From Bleu 2 to Bleu 3

On August 31st, I finished the score of Bleu 3, a composition for clarinet, violin, cello, and piano.

Today, I wrote program notes:

I composed Bleu 3 during the summer 2007. The piece has been inspired by the triptych "Les trois bleu" by Juan Miró. For this project, I adopted an iterative composition process involving several interests of mine.
First, I recorded Bleu 1, a series of three miniatures improvised on bass clarinet, basset-horn, and contrabass clarinet, using each of the three paintings as instantaneous inspiration.
The next step has been an electronic music piece called Bleu 2. All the sounds in this piece result from transformations of the Bleu 1 sound file through personal spectral processing tools.
Finally, Bleu 3 is a transcription of Bleu 2 into a quartet for clarinet, violin, cello, and piano. The eight sections of the piece are called Cristal, Fouillis, Louange, Ange, Abîme, Danse, Arcs-en-ciel, and Fureur.
Bleu 3 is an homage to Olivier Messiaen and is dedicated to Bénédicte.


This post is about the transcription of Bleu 2. Why not listen to it while reading on?

"Composing is choosing." says my former professor Ivan Fedele. While translating the music from electronic sounds to acoustic instruments, I made many choices. For instance, the 5 harmonies used in the Danse section come from the electronic music of Bleu 2, from 6'20" to 6'50". Two of my choices have been: first, which pitches I used among the quantity of partials present in the electronic sounds; second, to not use microtones but rather to write only tempered notes (in fact, I used one microtone in the clarinet part, bar 29, to generate beatings with the violin almost at unison.) I analysed the sounds not only with my ears, but also with a piano and a really simple program, home-made in the Max/MSP environment. Here are the 5 harmonic fields I finally used in the Danse section:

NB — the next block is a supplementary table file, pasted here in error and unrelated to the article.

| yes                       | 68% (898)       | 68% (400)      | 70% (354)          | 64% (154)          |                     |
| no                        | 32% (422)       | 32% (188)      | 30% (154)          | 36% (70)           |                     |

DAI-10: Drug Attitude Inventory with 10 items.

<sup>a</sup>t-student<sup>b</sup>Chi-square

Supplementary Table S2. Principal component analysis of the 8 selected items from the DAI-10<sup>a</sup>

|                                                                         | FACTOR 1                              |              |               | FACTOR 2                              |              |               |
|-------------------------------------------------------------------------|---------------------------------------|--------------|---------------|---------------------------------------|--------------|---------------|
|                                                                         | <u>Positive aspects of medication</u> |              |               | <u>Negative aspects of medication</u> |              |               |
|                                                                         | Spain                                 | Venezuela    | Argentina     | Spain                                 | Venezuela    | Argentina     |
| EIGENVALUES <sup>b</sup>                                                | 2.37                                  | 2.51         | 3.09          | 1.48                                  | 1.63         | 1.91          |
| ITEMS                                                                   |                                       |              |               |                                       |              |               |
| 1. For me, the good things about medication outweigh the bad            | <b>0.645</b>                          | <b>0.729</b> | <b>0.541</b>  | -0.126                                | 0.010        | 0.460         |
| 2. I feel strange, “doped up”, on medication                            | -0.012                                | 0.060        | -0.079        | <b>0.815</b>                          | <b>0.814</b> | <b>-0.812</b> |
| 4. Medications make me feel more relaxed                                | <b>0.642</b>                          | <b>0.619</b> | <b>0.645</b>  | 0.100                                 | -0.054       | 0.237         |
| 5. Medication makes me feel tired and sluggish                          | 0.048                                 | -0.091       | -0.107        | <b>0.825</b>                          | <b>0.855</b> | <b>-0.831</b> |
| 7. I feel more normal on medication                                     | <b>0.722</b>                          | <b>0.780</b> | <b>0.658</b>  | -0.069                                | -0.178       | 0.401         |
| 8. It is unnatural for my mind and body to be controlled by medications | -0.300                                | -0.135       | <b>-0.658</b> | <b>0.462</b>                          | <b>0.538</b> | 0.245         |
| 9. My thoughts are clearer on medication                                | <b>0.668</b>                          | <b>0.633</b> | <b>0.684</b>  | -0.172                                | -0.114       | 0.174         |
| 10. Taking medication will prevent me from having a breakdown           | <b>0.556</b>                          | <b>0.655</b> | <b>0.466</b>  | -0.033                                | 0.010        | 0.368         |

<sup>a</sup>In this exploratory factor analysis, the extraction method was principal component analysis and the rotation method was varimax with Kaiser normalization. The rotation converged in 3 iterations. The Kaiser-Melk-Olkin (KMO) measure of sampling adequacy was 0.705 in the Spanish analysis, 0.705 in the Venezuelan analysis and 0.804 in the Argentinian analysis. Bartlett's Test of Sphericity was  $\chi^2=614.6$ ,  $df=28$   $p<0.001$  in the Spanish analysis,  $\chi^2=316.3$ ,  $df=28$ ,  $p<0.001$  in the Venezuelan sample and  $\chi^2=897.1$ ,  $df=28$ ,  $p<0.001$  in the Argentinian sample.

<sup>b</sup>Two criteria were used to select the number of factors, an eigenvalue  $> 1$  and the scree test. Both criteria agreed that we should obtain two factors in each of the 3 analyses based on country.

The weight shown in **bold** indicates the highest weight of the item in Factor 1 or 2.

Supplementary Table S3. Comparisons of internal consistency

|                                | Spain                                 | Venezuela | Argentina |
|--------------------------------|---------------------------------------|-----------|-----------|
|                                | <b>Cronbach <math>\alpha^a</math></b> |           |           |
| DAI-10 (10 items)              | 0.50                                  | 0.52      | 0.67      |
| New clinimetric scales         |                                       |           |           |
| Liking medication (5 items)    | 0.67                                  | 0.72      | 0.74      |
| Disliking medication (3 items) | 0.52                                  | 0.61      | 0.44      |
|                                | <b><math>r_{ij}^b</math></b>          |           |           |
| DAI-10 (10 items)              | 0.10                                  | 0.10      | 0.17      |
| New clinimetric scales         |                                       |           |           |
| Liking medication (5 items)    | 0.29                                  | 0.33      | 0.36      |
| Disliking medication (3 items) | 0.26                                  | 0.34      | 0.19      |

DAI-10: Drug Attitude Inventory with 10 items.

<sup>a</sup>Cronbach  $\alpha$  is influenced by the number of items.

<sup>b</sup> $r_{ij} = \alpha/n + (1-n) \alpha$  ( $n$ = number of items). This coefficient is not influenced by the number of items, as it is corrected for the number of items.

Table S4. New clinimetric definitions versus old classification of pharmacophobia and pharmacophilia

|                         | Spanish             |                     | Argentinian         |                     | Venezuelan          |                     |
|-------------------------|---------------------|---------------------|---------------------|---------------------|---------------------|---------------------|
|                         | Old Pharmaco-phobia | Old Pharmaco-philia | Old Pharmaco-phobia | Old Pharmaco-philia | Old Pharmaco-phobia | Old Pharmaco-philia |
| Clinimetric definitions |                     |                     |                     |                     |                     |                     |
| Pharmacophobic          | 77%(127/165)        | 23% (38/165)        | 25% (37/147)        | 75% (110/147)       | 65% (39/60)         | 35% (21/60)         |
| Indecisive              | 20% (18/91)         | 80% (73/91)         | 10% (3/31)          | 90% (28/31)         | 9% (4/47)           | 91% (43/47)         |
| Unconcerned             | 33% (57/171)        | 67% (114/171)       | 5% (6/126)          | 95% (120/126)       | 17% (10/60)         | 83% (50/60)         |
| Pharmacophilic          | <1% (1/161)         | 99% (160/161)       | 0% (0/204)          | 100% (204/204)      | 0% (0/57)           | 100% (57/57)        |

As you may have noticed, I named sections with words from Olivier Messiaen's Quatuor pour la fin du temps section titles. I wanted to have an abîme, in homage to Messiaen's Abîme des Oiseaux for solo clarinet. But being a clarinetist, I "had to" avoid the clarinet. Finally, my Abîme is a "solo" played by violin and cello, two instruments instead of one, to render thicker lines. Moreover, the "solo" evolves over a silence colored by the piano playing a soft ostinato. As for the harmonies, the pitches come from the Abîme section of Bleu 2.
Here is an excerpt (corresponds to the sound file above between 5'48" and 6'00") of Abîme, in manuscript and final version. Click to enlarge:


Electronic music relies a lot on the tension between harmonic, inharmonic, and noisy sounds. Similarly, this acoustic piece presents different qualities of sound, from purely harmonic to distorded pitches to (almost-)white noise.
To achieve this richness of timbres, I made extensive use of extended technique in all four instruments. It has been the occasion for me to study more music by Henry Cowell and George Crumb, especially because it is the first time I compose a precise written score for the piano.
For instance, in the Ange section, the pianist presses firmly a glass tumbler or a mug against the strings inside the piano, while playing with one hand on the keys. This technique is used by George Crumb in his piece for solo piano Makrokosmos.

A more common way of distorting traditional piano playing is to play clusters. In the Fureur section, the right hand plays clusters, while the left hand maintains a kind of Keith Jarrett-inspired groove:


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